Four years before John Frankenheimer’s Grand Prix, Roger Corman shot The Young Racers. Unfortunately, the latter film remains all but unknown among most enthusiasts. I believe it is time to give the movie its due.
As soon as the opening credits end, viewers are transported directly to Monte-Carlo to observe the running of the 20ème Grand Prix de Monaco.
This is not all Hollywood make-believe. The film, like Grand Prix, is filled with actual colour footage of real Grand Prix races, in this case from the 1962 season. That means viewers are treated to scenes of classic machinery like the iconic Ferrari 156 Sharknose and Lotus 24s in the distinctive Stirling Moss Green of the UDT Laystall Racing team in action, in period.
Viewing the film makes it was clear how much changed in four short years between the 1962 season of The Young Racers and the 1966 of Grand Prix. In 1962 the entire field still had full bodywork covering their 1.5-litre engines and gearboxes. By 1966, there was very little bodywork aft of the cockpit, leaving much of the new 3.0-litre engines and transaxles fully exposed. The 1962 cars are far sleeker in appearance, but both vintages are aesthetically attractive in their own way.
Very unlike today, both seasons sported a variety of engine configurations; for 1962 this included BRM and Coventry-Climax V8s, Ferrari’s 120-degree V6 and Porsche’s air-cooled flat eight. I must also note that it becomes obvious to the viewer that the sport was much more of a delightfully grassroots endeavour with unpaved paddock areas, minimal crowd control and a generally more relaxed atmosphere.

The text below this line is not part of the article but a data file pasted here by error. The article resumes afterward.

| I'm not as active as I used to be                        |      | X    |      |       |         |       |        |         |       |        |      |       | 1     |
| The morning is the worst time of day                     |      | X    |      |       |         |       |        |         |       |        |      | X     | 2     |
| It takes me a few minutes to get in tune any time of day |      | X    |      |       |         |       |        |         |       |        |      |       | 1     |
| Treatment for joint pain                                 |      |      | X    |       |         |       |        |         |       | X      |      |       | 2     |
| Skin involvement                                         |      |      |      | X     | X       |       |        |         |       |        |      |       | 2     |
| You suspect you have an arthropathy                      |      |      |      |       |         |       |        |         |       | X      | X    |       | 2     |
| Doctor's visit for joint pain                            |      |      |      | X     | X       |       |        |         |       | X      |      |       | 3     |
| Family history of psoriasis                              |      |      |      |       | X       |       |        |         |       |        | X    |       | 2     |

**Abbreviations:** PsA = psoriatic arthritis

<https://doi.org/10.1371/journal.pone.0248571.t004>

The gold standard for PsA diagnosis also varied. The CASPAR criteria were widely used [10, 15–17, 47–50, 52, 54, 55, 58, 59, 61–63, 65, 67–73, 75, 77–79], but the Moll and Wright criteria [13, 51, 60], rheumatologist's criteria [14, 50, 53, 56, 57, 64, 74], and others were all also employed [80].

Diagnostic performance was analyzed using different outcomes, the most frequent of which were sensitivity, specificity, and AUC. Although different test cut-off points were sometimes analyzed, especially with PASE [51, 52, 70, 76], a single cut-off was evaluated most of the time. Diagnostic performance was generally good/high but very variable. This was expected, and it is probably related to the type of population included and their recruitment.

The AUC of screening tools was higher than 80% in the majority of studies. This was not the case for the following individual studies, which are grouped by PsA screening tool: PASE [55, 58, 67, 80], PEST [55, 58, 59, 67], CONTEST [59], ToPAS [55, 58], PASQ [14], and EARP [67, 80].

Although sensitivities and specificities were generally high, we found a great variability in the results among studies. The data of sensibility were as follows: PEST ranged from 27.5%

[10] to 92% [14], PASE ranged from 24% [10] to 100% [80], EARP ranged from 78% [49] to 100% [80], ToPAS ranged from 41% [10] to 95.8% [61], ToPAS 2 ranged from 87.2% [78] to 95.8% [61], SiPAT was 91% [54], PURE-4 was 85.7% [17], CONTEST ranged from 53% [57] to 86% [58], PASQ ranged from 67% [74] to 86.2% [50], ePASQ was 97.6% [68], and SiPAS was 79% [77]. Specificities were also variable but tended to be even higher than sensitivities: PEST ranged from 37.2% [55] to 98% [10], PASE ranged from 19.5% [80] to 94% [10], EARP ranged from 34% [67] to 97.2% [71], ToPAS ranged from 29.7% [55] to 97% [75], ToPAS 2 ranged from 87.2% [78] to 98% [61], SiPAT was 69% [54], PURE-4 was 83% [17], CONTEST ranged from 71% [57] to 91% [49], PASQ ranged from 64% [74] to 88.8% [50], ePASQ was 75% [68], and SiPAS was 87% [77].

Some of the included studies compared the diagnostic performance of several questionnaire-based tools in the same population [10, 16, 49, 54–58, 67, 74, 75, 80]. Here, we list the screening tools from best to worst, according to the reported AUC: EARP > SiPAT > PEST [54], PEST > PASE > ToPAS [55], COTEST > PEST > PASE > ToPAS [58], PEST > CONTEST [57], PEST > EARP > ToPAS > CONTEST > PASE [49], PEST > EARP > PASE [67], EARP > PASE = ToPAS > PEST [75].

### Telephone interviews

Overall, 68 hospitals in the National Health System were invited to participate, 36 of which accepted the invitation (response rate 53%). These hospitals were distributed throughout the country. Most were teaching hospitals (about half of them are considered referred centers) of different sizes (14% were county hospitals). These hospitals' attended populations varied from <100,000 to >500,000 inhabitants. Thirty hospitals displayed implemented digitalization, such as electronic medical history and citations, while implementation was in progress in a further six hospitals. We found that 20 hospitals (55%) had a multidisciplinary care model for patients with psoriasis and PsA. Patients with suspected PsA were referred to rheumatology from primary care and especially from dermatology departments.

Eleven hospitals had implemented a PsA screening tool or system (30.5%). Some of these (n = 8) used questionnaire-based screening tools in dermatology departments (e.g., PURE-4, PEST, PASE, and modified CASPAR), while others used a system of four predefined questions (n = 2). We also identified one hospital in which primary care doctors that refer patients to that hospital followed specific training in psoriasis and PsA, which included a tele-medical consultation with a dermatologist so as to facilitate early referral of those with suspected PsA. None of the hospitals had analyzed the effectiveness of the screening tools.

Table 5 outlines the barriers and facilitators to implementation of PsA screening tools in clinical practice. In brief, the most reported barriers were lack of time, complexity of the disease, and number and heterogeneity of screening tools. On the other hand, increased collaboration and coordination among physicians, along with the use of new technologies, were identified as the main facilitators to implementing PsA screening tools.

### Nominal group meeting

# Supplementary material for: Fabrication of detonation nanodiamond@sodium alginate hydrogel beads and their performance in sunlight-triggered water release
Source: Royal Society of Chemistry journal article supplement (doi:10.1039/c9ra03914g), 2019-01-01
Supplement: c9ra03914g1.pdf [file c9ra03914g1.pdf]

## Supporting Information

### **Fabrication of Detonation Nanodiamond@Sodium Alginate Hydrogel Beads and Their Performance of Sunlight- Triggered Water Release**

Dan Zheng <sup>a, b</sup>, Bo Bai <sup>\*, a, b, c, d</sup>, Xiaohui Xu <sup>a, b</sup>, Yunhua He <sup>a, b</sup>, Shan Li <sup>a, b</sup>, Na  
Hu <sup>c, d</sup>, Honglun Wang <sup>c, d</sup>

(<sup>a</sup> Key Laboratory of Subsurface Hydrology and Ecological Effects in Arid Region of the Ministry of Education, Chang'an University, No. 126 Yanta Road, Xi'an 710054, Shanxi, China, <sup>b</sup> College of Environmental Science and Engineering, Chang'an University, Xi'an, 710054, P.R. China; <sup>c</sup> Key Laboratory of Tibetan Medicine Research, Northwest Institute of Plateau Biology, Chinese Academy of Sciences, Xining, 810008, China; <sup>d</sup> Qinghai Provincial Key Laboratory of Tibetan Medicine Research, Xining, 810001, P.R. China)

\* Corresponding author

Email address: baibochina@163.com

The Young Racers was shot in 1962 and released in January of 1963. Actual Grandes Épreuves filmed include the championship Grands Prix of Monaco, Belgium, France (at circuit Rouen-Les-Essarts) and Britain (Aintree) as well a non-championship round in France at circuit Reims-Gueux. While Racers lacks the plethora of on-track and in-car footage that makes Grand Prix so special, there are a few on-track scenes captured by a camera mounted to the back of a Cooper T51.
Porsche fans will enjoy a brief close-up scene in the paddock at Reims that takes place alongside Jo Bonnier’s red Scuderia Serenissima 718 F1.
Besides the priceless archival footage of Formula One circa 1962, the writing and acting are surprising good for the genre, easily eclipsing that of Le Mans and giving Grand Prix a run for its money. Only at the very end does the story fizzle to a rather predictable and abrupt ending. Since the script also ends only halfway through the season, I suspect funds may have run out sooner than planned. The budget has been estimated to be in the neighbourhood of $150,000; a far cry from the $9 million allegedly spent on Grand Prix.
As would be expected given the cost constraints, there are no marquee names on the cast and crew list, but there was a couple of up-and-comers. The Sound Supervisor was a young Francis Ford Coppola, and the voice of the main character was overdubbed by the future Captain of the Starship Enterprise himself, William Shatner.
The Young Racers also captures the sophisticated bygone elegance of the 1960s with track officials, team principals and drivers (off-track) respondent in stylish suits and sport coats, fashionably dressed women and glamorous watering holes, including two scenes on the terrace of the Café de Paris Monte-Carlo that bookend the story.